Land Rover has taken the wraps off its already controversial DC100 Concept in Frankfurt ... and it has a stablemate - the convertible DC100 Sport. The Concepts are intended to float new ideas and spark debate on the design of the next-gen Defender which is slated for production 2015. Land Rover has also tossed-up some interesting possibilities as to what sort of high-tech kit might find a home in future models.

Design-wise the stated goal is to capture "the inherent simplicity and reassurance of the original short-wheelbase Land Rover" - we'll let you be the judge of that. The familiar short overhangs and near-vertical panels are there along with 22-inch alloy wheels. The angled windscreen and raked front end are the biggest departures from past design language, that is, apart from the a canvas roof and cut-down wind-screens on the DC100 Sport.

Inside there's three in the front bench seating and the outboard passenger seat can be folded away to boost carrying capacity. Land Rover says interior materials have been chosen with sustainability and durability in mind and the DC100 Sport (which let's face it is pretty unDefender-like anyway) gets the added-injection of leather trim. Seat cushions and to line the footwells and rear load space also feature "an almost indestructible textile" used in spacesuits called "Superfabric".

On the gear side of the equation, the Concepts include a "Terrain-i scanning" for assisting with off-road navigation, always-on telematics and a sonar system called "Wade Aid" which detects the depth of the water you are crossing and works out the optimum gear, speed, ride height and engine revs required.

The intelligent mapping system builds a 3D visualization of the surrounding terrain using a headlamp-mounted scanner and cameras mounted on each corner and the vehicle can react to potential problems ahead by, for example, changing the ride-height to increase approach and departure angles.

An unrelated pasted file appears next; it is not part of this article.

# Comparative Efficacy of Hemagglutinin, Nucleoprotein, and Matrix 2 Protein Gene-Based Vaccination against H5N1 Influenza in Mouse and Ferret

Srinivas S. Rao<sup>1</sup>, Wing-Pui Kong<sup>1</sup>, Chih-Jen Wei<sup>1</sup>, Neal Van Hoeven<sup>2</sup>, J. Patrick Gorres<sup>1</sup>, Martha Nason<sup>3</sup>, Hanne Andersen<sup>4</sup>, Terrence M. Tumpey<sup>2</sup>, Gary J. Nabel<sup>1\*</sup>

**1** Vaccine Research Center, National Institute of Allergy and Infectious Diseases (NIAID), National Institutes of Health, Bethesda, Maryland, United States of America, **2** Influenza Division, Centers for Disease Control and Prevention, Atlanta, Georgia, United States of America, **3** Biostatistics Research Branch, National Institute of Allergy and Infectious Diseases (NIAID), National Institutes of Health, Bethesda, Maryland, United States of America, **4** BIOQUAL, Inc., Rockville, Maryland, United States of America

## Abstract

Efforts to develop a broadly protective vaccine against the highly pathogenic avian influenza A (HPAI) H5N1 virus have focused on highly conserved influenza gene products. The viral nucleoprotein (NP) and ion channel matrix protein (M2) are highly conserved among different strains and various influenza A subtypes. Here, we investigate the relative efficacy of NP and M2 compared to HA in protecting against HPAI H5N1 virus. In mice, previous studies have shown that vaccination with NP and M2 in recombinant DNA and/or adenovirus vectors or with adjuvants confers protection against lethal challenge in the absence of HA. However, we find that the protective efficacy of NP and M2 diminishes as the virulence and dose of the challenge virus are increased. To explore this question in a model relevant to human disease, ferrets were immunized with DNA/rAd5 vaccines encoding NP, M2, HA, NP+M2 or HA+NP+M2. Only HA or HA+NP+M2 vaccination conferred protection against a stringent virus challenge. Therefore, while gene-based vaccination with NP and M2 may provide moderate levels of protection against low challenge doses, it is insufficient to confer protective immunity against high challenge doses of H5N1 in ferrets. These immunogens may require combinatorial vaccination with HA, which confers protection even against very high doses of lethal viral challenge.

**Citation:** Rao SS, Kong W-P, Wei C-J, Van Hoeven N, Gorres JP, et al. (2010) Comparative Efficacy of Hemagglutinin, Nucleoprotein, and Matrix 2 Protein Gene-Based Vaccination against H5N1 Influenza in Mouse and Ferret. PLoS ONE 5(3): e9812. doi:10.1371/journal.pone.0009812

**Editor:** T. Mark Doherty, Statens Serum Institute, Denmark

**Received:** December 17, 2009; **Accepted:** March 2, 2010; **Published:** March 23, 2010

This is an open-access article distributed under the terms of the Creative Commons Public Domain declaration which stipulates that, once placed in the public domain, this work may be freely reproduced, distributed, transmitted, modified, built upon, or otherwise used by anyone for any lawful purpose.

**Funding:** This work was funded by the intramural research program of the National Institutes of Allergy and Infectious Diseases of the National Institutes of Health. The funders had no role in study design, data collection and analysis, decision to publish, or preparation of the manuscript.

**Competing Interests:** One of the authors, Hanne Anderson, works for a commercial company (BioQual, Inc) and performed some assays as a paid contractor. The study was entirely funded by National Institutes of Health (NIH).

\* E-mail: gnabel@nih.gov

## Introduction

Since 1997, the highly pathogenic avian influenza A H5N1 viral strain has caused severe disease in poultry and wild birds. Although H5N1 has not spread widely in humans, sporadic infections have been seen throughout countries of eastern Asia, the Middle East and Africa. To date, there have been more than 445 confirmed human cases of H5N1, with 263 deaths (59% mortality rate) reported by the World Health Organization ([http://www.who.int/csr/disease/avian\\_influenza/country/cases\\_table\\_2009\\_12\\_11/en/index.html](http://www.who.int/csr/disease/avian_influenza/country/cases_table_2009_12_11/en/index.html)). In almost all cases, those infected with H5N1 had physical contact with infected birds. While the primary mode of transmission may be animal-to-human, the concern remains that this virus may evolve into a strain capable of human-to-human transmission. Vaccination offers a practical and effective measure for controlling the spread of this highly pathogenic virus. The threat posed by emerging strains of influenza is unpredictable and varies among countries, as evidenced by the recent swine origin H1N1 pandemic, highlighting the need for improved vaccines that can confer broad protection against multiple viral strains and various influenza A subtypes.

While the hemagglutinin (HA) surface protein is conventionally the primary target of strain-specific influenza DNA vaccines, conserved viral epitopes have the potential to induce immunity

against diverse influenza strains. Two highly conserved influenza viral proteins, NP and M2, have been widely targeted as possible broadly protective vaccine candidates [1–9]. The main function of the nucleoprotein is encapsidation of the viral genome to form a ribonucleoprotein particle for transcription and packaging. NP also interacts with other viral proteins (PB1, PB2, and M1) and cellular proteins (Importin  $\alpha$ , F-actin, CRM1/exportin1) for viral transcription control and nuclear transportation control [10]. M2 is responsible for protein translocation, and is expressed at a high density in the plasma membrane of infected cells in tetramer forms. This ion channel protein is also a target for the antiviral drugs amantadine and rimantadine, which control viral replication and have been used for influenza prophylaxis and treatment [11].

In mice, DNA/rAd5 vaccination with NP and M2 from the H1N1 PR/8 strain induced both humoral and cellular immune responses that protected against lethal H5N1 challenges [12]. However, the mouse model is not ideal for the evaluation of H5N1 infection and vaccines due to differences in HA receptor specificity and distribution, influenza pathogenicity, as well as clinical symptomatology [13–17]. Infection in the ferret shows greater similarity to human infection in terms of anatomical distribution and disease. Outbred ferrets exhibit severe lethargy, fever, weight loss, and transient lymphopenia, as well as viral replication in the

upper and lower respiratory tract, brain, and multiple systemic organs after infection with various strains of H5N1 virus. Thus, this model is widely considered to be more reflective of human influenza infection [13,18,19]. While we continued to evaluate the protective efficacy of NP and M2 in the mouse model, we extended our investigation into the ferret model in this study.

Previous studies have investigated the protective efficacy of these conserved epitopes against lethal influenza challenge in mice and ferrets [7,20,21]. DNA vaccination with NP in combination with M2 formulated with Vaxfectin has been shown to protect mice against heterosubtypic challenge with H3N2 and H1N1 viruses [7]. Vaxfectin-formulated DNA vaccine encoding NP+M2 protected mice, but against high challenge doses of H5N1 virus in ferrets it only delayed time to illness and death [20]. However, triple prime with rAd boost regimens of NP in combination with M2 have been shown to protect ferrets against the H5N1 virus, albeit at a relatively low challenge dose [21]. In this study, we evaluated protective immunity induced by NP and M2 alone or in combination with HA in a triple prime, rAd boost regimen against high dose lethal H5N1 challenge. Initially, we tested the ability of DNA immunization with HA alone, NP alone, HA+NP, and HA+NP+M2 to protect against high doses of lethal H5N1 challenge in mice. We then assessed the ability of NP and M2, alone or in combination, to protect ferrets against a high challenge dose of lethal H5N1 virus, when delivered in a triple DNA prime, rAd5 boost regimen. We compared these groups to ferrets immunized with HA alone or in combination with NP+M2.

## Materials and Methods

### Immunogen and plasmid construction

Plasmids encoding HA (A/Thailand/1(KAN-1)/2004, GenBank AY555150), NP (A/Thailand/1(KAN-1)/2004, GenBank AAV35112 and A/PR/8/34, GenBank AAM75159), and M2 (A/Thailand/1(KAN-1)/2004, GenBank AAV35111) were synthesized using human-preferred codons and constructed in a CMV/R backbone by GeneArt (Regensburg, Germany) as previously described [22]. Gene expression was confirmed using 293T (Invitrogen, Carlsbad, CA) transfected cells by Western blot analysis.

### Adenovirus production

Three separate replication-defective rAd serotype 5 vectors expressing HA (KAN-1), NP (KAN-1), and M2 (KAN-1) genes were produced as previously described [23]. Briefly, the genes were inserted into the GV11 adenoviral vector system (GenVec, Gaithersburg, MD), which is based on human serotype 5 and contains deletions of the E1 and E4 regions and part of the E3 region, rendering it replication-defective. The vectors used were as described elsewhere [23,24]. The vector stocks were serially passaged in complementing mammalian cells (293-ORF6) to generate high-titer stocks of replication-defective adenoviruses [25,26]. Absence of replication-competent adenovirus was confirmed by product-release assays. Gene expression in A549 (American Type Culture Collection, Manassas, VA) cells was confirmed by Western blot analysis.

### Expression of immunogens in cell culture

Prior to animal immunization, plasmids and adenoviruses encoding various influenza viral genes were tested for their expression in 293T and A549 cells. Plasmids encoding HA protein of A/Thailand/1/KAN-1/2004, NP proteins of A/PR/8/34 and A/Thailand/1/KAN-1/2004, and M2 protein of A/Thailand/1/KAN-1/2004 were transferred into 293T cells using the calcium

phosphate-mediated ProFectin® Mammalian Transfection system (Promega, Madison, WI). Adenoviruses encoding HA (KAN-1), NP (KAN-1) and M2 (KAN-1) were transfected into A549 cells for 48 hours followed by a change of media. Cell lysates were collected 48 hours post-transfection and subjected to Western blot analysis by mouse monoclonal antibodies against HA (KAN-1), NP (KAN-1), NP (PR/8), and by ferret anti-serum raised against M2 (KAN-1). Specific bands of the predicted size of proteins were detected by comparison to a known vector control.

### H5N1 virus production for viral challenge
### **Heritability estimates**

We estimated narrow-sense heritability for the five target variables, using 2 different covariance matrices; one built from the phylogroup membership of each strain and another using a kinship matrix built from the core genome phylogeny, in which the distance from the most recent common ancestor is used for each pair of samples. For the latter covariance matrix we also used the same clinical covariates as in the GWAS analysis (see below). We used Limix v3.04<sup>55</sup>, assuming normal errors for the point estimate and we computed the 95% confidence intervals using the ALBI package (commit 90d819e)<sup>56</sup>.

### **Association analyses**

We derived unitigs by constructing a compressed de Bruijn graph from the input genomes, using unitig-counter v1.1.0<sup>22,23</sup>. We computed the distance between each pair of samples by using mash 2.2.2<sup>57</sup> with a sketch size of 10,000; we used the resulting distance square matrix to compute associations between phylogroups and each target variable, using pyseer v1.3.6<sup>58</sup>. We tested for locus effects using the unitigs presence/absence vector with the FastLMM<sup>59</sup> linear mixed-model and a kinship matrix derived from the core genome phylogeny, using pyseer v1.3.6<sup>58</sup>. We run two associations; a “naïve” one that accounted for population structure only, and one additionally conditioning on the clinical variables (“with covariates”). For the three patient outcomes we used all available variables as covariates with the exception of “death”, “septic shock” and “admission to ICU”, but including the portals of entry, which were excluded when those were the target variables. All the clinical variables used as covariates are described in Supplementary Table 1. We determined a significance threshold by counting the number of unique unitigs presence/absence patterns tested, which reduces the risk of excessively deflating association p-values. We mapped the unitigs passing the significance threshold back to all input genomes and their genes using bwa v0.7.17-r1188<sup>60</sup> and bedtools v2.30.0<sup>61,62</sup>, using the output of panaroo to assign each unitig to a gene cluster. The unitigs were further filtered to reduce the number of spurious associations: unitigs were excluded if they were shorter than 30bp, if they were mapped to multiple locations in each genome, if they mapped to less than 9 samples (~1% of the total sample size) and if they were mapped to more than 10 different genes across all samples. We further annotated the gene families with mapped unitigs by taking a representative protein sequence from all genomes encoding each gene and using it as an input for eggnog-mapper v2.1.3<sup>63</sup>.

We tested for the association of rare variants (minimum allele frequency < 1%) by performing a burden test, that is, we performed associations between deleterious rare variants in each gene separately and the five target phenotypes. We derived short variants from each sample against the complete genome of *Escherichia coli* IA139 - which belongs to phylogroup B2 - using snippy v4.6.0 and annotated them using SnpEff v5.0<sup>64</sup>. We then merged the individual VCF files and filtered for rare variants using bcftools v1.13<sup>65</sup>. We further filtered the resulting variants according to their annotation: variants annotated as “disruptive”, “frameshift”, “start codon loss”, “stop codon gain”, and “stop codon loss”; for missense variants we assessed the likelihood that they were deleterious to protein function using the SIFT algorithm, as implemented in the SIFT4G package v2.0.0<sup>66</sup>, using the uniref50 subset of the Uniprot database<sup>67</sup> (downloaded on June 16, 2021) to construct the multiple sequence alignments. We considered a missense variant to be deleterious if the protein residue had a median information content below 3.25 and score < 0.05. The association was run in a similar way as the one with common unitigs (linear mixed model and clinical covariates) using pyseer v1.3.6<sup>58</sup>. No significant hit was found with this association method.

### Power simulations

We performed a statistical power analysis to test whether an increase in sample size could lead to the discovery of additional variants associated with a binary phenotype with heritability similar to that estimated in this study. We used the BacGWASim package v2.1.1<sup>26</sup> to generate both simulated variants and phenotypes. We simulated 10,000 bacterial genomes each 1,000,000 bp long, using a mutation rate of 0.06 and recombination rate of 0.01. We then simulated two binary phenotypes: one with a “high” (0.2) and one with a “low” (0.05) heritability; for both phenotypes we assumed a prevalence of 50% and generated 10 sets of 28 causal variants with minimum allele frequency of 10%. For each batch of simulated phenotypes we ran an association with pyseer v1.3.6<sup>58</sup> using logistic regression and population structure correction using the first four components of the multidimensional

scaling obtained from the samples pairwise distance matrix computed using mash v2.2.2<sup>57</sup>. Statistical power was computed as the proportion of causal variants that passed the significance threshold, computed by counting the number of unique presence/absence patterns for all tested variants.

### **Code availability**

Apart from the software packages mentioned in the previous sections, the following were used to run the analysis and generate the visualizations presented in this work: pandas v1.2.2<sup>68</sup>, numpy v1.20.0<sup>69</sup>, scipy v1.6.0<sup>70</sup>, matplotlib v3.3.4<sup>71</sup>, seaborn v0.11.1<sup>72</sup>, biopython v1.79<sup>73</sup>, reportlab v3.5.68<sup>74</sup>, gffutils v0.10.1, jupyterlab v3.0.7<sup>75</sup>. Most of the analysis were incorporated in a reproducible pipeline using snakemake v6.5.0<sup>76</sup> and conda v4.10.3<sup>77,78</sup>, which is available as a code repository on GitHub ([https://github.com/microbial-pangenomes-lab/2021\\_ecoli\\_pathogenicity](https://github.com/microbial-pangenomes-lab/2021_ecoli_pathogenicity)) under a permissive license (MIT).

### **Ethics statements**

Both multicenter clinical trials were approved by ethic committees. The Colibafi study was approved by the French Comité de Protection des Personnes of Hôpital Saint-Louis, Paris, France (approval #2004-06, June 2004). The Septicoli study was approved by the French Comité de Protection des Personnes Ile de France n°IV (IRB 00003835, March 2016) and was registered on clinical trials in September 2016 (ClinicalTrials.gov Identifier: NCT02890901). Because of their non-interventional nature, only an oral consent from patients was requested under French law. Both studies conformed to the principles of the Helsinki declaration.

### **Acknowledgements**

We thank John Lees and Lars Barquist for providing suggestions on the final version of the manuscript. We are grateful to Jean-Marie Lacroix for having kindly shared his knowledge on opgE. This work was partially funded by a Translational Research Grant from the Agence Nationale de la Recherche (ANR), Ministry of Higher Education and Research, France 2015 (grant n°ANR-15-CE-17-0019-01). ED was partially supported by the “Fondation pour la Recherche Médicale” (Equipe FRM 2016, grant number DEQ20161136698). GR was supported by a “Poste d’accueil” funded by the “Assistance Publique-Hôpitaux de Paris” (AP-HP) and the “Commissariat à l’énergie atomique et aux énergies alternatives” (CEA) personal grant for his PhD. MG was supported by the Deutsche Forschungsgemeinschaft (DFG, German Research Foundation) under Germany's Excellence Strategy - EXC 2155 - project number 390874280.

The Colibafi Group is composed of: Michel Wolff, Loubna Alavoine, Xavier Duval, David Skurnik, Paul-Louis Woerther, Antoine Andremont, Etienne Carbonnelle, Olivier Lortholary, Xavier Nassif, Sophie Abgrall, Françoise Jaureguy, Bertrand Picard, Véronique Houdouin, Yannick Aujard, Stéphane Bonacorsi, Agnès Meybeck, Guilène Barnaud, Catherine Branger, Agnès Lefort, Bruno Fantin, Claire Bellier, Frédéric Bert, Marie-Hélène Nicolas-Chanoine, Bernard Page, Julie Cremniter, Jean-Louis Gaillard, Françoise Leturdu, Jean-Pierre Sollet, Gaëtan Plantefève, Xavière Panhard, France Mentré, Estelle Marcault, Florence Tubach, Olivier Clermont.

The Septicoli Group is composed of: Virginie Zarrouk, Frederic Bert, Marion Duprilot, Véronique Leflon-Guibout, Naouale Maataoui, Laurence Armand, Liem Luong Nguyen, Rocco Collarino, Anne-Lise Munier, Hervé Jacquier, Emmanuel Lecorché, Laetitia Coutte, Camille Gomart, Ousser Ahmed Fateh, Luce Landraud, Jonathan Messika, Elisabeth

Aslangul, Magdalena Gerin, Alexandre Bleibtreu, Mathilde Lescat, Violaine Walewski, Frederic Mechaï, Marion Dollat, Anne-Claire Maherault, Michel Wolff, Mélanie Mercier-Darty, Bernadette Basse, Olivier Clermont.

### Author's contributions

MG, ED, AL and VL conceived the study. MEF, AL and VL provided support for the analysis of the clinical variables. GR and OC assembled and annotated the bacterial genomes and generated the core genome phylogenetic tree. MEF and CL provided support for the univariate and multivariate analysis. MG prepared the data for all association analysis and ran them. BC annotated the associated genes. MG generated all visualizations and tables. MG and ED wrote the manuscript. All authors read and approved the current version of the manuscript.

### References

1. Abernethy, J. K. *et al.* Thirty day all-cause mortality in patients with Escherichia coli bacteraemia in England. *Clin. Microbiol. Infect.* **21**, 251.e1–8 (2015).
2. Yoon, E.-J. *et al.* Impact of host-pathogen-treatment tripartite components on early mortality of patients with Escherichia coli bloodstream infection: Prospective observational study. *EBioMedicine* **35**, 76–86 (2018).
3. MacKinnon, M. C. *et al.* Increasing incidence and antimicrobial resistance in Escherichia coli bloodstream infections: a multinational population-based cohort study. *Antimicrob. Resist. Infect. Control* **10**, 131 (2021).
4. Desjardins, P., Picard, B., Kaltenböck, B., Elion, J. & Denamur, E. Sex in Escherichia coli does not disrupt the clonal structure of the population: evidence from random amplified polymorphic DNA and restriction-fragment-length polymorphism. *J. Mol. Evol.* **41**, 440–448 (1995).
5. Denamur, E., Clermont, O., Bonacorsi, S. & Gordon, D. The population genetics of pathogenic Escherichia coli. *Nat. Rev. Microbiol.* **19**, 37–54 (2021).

The roof of the DC100 roof is equipped with solar panels to supplement power supply to on-board systems while both Concepts feature built-in induction charging stations and future paint technologies (when they arrive) would also be used to give the vehicles self-cleaning and self- repair capabilities. And the bit we really like - a button-operated, electro-mechanical spiked tire system that sees air injected into pods moulded into the tread to create extra grip (and make snow chains a thing of the past). A ruggedized removable touchscreen tablet housed in the dash would control navigation, audio and climate and double-as a navigation device when on foot. The Meridian speaker system is also removable so you can stream tunes straight to your campsite.

There's also a set of RFID "Leisure Keys" that can be built into wearable items like watches. Using this would enable the main key fob to be left in the glovebox at which point it would deactivate and defer lock and unlock functions to the RFID chip.

Land Rover says the DC100 Concepts would use 2.0-litre, four-cylinder petrol and diesel powerplants with hybrid and plug-in capabilities with an eight-speed transmission and a "Driveline Disconnect" system that physically decouples the rear axle to save fuel when all-wheel drive is not required.

Finally, "Park Assist" functionality would enable the vehicle to parallel park with minimal input from the driver.

Reaction to our earlier story on the pre-show announcement of the DC100 suggests that Land Rover could have its work cut out in terms of pleasing Defender devotees with the new design. Gizmag commenter Rodrigo Beja sums up the prevailing sentiment nicely - "It never was meant to be the weekend playcar (DC100 sport) ... What I see in the DC100 is just another fashion design that could have been produced by any brand."

So will details on tech goodies and the unveiling of the convertible Sport concept sway this view? Let us know your thoughts in the comments section.

(All images: Land Rover)

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